• Leave grass clippings on your lawn after mowing to decompose and replenish the soil, which encourages healthy grass growth.
  • Don’t cut grass too short. Keeping your grass between one and three inches (depending on the type of grass) to ensure that the root systems are deep enough to protect the grass from getting scorched by the summer sun. To avoid stressing the grass, a good rule of thumb is to cut no more than 1/3 of the grass’s current height. Be sure to cut your grass often so that you don’t have to take off too much with each mowing.
  • Consider trading in your gas-powered lawn mower for an electric or battery-powered mower. Gas-powered engines contribute significantly to air pollution, so switching to an electric or battery-powered mower reduces carbon emissions. Both types of mowers are easy to start, and battery-powered mowers rechargeable and run up to 70 minutes. Electric and battery-powered versions of other gas-powered lawn tools, like weed whackers and leaf blowers are also available.
  • Go organic when choosing a fertilizer. Organic fertilizers take longer to show results than chemical fertilizers; but offer a much greener lawn in the long run.. Conversely, chemical fertilizers can deplete your soil of minerals, pollute ground water runoff and cause soil to become too acidic.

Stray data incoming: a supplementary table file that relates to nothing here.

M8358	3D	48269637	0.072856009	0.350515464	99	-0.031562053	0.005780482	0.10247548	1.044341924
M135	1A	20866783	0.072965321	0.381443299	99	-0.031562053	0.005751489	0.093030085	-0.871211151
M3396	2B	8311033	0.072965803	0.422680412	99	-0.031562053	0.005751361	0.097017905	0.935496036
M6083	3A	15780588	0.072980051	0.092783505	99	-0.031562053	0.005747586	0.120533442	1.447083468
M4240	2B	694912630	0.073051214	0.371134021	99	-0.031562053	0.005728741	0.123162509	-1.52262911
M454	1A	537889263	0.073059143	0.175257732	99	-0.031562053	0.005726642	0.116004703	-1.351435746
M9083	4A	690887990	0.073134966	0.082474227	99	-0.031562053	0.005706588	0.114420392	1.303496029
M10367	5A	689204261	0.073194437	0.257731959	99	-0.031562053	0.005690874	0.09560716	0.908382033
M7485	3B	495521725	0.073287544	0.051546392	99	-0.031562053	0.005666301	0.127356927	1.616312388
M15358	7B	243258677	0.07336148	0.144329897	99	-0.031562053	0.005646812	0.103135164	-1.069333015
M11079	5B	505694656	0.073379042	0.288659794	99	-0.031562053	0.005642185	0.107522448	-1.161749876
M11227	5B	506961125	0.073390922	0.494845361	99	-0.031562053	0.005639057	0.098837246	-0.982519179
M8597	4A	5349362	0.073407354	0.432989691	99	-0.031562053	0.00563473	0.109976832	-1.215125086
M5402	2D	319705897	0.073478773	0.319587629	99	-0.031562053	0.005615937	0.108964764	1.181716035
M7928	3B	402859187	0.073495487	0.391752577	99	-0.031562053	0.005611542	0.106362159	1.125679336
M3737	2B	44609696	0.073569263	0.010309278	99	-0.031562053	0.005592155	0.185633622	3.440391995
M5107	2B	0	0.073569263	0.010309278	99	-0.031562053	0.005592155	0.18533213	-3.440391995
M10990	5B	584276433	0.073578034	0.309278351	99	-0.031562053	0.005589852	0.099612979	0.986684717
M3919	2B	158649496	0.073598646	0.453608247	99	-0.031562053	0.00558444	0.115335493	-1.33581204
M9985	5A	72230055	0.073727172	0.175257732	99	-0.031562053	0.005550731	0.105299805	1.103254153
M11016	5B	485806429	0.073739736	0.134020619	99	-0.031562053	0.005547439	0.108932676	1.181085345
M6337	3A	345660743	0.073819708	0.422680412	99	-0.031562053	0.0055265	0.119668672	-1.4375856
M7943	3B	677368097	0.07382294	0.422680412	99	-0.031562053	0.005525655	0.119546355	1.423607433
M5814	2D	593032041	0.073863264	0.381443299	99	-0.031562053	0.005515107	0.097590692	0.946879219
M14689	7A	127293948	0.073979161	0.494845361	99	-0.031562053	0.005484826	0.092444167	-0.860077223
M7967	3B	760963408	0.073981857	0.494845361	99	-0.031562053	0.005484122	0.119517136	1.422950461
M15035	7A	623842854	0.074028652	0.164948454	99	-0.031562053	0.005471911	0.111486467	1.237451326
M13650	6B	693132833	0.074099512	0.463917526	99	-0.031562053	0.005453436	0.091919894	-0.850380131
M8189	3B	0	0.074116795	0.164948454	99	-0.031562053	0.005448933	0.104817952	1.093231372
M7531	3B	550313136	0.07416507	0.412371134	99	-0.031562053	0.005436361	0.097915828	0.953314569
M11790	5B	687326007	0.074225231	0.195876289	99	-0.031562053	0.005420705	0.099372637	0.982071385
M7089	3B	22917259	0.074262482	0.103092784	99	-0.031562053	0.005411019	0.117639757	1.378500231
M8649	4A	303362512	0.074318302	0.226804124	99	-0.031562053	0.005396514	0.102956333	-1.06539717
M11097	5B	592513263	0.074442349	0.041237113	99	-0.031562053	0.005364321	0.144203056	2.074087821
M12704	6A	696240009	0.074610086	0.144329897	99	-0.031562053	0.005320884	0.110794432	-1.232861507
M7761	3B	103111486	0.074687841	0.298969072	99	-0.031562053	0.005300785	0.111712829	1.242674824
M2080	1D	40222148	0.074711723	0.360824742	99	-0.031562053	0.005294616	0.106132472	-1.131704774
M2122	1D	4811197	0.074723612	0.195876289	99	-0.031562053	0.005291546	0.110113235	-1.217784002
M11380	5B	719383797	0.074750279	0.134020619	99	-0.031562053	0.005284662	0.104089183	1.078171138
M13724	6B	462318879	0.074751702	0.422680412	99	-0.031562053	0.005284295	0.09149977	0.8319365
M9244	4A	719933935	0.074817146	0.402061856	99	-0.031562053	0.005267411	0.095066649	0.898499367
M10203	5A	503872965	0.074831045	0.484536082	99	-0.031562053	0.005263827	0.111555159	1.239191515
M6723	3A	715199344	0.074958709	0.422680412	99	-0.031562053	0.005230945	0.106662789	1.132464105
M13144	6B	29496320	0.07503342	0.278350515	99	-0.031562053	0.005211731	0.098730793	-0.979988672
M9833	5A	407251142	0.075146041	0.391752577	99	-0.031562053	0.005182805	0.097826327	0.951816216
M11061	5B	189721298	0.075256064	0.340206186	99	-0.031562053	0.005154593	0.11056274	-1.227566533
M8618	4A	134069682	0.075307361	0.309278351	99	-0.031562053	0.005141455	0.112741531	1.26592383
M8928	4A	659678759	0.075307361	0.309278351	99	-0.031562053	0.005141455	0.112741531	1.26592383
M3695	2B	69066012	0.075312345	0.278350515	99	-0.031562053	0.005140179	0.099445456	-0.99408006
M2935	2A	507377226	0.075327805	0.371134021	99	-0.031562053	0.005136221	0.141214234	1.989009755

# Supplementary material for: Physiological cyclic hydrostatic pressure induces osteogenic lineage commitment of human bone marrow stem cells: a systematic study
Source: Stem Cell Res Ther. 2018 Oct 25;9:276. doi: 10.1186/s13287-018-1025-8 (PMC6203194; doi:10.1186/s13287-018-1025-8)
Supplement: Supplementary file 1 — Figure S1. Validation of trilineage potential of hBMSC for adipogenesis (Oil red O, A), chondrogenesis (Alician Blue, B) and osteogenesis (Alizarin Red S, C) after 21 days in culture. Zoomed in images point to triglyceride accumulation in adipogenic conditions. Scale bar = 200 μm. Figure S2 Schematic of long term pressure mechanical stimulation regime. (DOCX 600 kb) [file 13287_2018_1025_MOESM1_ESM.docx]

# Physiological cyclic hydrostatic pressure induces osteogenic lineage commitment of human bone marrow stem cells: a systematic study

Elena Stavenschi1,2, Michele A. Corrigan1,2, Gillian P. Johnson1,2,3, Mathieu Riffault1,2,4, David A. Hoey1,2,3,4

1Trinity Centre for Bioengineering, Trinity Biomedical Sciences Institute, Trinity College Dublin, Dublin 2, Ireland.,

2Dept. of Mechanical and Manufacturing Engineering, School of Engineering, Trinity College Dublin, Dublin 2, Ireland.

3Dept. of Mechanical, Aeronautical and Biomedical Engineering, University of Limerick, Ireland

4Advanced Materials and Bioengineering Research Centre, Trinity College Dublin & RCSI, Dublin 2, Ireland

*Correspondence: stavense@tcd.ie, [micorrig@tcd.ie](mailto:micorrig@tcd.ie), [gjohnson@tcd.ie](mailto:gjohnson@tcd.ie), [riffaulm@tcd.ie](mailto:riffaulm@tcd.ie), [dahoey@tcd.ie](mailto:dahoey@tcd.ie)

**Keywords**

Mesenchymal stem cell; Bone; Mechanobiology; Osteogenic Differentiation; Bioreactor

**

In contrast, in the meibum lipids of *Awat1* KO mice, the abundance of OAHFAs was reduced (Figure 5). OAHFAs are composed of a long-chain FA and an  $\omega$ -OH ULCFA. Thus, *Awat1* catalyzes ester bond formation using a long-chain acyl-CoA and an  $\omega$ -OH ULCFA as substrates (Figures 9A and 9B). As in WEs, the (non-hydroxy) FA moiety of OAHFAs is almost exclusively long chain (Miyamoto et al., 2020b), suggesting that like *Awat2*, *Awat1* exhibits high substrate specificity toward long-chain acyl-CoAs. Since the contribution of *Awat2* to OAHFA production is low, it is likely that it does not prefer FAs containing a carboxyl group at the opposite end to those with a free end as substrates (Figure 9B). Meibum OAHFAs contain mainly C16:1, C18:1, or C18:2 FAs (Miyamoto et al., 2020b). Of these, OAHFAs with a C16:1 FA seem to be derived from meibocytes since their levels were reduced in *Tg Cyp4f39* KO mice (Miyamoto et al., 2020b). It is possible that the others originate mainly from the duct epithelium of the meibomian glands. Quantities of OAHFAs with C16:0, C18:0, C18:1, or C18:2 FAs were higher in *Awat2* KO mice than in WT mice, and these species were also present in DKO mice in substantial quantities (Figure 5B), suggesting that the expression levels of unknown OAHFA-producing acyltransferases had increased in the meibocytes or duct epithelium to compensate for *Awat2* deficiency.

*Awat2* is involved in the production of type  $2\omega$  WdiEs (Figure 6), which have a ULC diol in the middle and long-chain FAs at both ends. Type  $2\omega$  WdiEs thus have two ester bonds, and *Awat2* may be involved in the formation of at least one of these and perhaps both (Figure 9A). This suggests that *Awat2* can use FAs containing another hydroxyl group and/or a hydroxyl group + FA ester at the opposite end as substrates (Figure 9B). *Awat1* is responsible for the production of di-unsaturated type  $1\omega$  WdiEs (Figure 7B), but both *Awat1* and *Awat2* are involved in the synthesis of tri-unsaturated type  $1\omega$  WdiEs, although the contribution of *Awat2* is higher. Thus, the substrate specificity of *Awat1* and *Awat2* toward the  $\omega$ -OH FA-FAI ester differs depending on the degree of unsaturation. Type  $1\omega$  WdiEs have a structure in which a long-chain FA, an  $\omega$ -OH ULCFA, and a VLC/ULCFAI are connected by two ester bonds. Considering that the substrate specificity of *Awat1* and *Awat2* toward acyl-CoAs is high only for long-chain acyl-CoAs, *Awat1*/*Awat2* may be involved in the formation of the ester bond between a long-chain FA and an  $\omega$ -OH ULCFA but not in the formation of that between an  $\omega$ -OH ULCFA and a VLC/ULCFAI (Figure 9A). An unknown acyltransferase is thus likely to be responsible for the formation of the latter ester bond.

Curb Appeal Counts

Whether you live in the mountains, the beach, or anywhere else in the Carolinas, cleaning out and sprucing up your yard are good low-cost alternatives to major home improvement. You might hire a professional or have the skills and tools to do it yourself, either way, we offer helpful tips to improve your lawn and landscape:

  • Planting colorful annuals in beds or pots around the house and patio, in hanging plant holders or in flower boxes makes a house look cared for and cozy.
  • Weeding, edging, planting beds and mulching go a long way toward improving a yard’s look.
  • To solve problems or add interest, plant new trees and shrubs to create focus areas, or to camouflage foundations and old fencing, or block unsightly views.
  • Have your trees and shrubs professionally pruned, fix brown spots in the lawn and remove and replace diseased plants.

Homeowners who want help with their yard should seek an evaluation by a professional lawn or landscape firm. A professional can assess the health of the lawn, plants, trees and shrubs and offer recommendations for improvements.

For more information, visit


Urban Gardening Basics

As the bleak cold of winter finally breaks and signs of spring begin to pop up all around, thoughts of vibrant flowers and lush vegetables are on gardeners’ minds. For those green thumbs living in smaller homes, apartments or condos, an impressive garden may seem unattainable. However, many are turning toward urban gardening, bringing plant life into unique spaces and growing gardens in every nook and cranny. These miniature gardens bring great natural beauty and help reduce humanity’s carbon footprints. As more people move to urban areas, urban gardens are becoming more popular, and encouraging those who have never planted to go dig in the dirt to see what comes up. While urban gardening does have its challenges, the homeowners association have a few tips on how to overcome them to bring your small garden into full bloom.